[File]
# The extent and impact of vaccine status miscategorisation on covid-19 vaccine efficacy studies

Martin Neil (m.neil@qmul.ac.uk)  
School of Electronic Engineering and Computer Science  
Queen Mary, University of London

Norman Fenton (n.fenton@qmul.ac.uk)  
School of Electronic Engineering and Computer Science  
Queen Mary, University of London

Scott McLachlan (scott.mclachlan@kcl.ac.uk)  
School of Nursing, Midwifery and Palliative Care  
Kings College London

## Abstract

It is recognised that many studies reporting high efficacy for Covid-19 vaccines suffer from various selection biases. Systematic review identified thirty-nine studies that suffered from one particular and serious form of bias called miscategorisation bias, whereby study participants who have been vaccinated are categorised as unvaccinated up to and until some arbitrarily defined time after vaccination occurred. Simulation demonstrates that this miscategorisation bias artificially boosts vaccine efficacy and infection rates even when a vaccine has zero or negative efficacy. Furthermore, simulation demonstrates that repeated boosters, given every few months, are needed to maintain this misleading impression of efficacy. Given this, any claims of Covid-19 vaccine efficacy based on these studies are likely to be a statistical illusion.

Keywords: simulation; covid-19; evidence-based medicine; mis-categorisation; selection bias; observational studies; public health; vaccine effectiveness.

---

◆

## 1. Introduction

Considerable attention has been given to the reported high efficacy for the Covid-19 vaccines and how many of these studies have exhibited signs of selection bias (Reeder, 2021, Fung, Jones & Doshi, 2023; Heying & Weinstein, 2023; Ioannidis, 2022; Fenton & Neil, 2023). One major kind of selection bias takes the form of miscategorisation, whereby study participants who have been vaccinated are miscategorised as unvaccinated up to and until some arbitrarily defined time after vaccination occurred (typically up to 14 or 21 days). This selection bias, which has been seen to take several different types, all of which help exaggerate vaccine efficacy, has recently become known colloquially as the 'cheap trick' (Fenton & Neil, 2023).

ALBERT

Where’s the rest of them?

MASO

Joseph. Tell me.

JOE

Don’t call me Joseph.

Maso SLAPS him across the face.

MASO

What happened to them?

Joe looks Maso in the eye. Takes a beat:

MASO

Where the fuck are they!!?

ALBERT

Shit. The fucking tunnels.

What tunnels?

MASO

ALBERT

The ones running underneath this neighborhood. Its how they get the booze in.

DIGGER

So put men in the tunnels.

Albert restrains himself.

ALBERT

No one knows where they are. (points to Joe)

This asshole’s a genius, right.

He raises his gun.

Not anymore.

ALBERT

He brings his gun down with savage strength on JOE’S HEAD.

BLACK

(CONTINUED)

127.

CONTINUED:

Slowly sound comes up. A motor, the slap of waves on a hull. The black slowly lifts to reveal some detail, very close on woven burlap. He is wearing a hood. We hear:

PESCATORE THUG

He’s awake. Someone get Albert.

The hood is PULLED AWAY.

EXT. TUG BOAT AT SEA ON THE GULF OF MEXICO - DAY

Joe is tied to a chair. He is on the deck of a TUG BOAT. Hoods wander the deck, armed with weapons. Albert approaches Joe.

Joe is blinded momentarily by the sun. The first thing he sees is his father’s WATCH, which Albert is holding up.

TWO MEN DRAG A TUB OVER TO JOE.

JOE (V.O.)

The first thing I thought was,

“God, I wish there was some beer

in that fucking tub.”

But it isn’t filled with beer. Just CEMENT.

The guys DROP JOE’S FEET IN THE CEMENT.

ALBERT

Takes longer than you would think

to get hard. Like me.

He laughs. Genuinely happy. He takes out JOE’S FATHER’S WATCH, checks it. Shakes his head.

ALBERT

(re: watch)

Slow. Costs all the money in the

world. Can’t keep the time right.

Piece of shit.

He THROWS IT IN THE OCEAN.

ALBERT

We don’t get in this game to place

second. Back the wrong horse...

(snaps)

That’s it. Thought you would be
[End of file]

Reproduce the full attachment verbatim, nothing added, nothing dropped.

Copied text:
# The extent and impact of vaccine status miscategorisation on covid-19 vaccine efficacy studies

Martin Neil (m.neil@qmul.ac.uk)  
School of Electronic Engineering and Computer Science  
Queen Mary, University of London

Norman Fenton (n.fenton@qmul.ac.uk)  
School of Electronic Engineering and Computer Science  
Queen Mary, University of London

Scott McLachlan (scott.mclachlan@kcl.ac.uk)  
School of Nursing, Midwifery and Palliative Care  
Kings College London

## Abstract

It is recognised that many studies reporting high efficacy for Covid-19 vaccines suffer from various selection biases. Systematic review identified thirty-nine studies that suffered from one particular and serious form of bias called miscategorisation bias, whereby study participants who have been vaccinated are categorised as unvaccinated up to and until some arbitrarily defined time after vaccination occurred. Simulation demonstrates that this miscategorisation bias artificially boosts vaccine efficacy and infection rates even when a vaccine has zero or negative efficacy. Furthermore, simulation demonstrates that repeated boosters, given every few months, are needed to maintain this misleading impression of efficacy. Given this, any claims of Covid-19 vaccine efficacy based on these studies are likely to be a statistical illusion.

Keywords: simulation; covid-19; evidence-based medicine; mis-categorisation; selection bias; observational studies; public health; vaccine effectiveness.

---

◆

## 1. Introduction

Considerable attention has been given to the reported high efficacy for the Covid-19 vaccines and how many of these studies have exhibited signs of selection bias (Reeder, 2021, Fung, Jones & Doshi, 2023; Heying & Weinstein, 2023; Ioannidis, 2022; Fenton & Neil, 2023). One major kind of selection bias takes the form of miscategorisation, whereby study participants who have been vaccinated are miscategorised as unvaccinated up to and until some arbitrarily defined time after vaccination occurred (typically up to 14 or 21 days). This selection bias, which has been seen to take several different types, all of which help exaggerate vaccine efficacy, has recently become known colloquially as the 'cheap trick' (Fenton & Neil, 2023).

ALBERT

Where’s the rest of them?

MASO

Joseph. Tell me.

JOE

Don’t call me Joseph.

Maso SLAPS him across the face.

MASO

What happened to them?

Joe looks Maso in the eye. Takes a beat:

MASO

Where the fuck are they!!?

ALBERT

Shit. The fucking tunnels.

What tunnels?

MASO

ALBERT

The ones running underneath this neighborhood. Its how they get the booze in.

DIGGER

So put men in the tunnels.

Albert restrains himself.

ALBERT

No one knows where they are. (points to Joe)

This asshole’s a genius, right.

He raises his gun.

Not anymore.

ALBERT

He brings his gun down with savage strength on JOE’S HEAD.

BLACK

(CONTINUED)

127.

CONTINUED:

Slowly sound comes up. A motor, the slap of waves on a hull. The black slowly lifts to reveal some detail, very close on woven burlap. He is wearing a hood. We hear:

PESCATORE THUG

He’s awake. Someone get Albert.

The hood is PULLED AWAY.

EXT. TUG BOAT AT SEA ON THE GULF OF MEXICO - DAY

Joe is tied to a chair. He is on the deck of a TUG BOAT. Hoods wander the deck, armed with weapons. Albert approaches Joe.

Joe is blinded momentarily by the sun. The first thing he sees is his father’s WATCH, which Albert is holding up.

TWO MEN DRAG A TUB OVER TO JOE.

JOE (V.O.)

The first thing I thought was,

“God, I wish there was some beer

in that fucking tub.”

But it isn’t filled with beer. Just CEMENT.

The guys DROP JOE’S FEET IN THE CEMENT.

ALBERT

Takes longer than you would think

to get hard. Like me.

He laughs. Genuinely happy. He takes out JOE’S FATHER’S WATCH, checks it. Shakes his head.

ALBERT

(re: watch)

Slow. Costs all the money in the

world. Can’t keep the time right.

Piece of shit.

He THROWS IT IN THE OCEAN.

ALBERT

We don’t get in this game to place

second. Back the wrong horse...

(snaps)

That’s it. Thought you would be